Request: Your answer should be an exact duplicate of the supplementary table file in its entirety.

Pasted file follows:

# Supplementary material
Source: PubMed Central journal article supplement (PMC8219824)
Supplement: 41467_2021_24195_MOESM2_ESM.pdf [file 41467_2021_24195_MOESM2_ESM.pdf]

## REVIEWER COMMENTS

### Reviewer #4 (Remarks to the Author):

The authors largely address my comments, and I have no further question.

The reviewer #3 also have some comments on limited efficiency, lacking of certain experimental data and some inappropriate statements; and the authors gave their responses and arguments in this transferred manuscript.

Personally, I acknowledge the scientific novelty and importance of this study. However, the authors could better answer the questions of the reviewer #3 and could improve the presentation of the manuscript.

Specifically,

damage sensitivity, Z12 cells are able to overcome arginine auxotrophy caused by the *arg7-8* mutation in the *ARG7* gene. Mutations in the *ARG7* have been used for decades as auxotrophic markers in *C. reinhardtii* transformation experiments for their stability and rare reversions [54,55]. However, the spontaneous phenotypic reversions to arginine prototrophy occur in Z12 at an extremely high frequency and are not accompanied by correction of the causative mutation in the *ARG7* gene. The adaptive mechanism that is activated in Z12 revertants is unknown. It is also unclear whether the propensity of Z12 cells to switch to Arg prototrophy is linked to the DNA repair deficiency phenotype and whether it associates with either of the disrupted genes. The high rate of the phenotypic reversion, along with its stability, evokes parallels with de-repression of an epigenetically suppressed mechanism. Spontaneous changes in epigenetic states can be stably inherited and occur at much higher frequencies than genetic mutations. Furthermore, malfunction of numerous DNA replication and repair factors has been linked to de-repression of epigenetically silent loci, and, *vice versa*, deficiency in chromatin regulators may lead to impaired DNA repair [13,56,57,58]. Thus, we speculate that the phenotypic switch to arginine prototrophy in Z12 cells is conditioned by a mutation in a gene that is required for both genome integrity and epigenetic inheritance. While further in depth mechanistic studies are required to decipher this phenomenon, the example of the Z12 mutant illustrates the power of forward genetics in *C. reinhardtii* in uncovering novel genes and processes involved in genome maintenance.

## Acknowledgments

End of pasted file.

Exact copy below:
# Supplementary material
Source: PubMed Central journal article supplement (PMC8219824)
Supplement: 41467_2021_24195_MOESM2_ESM.pdf [file 41467_2021_24195_MOESM2_ESM.pdf]

## REVIEWER COMMENTS

### Reviewer #4 (Remarks to the Author):

The authors largely address my comments, and I have no further question.

The reviewer #3 also have some comments on limited efficiency, lacking of certain experimental data and some inappropriate statements; and the authors gave their responses and arguments in this transferred manuscript.

Personally, I acknowledge the scientific novelty and importance of this study. However, the authors could better answer the questions of the reviewer #3 and could improve the presentation of the manuscript.

Specifically,

damage sensitivity, Z12 cells are able to overcome arginine auxotrophy caused by the *arg7-8* mutation in the *ARG7* gene. Mutations in the *ARG7* have been used for decades as auxotrophic markers in *C. reinhardtii* transformation experiments for their stability and rare reversions [54,55]. However, the spontaneous phenotypic reversions to arginine prototrophy occur in Z12 at an extremely high frequency and are not accompanied by correction of the causative mutation in the *ARG7* gene. The adaptive mechanism that is activated in Z12 revertants is unknown. It is also unclear whether the propensity of Z12 cells to switch to Arg prototrophy is linked to the DNA repair deficiency phenotype and whether it associates with either of the disrupted genes. The high rate of the phenotypic reversion, along with its stability, evokes parallels with de-repression of an epigenetically suppressed mechanism. Spontaneous changes in epigenetic states can be stably inherited and occur at much higher frequencies than genetic mutations. Furthermore, malfunction of numerous DNA replication and repair factors has been linked to de-repression of epigenetically silent loci, and, *vice versa*, deficiency in chromatin regulators may lead to impaired DNA repair [13,56,57,58]. Thus, we speculate that the phenotypic switch to arginine prototrophy in Z12 cells is conditioned by a mutation in a gene that is required for both genome integrity and epigenetic inheritance. While further in depth mechanistic studies are required to decipher this phenomenon, the example of the Z12 mutant illustrates the power of forward genetics in *C. reinhardtii* in uncovering novel genes and processes involved in genome maintenance.

## Acknowledgments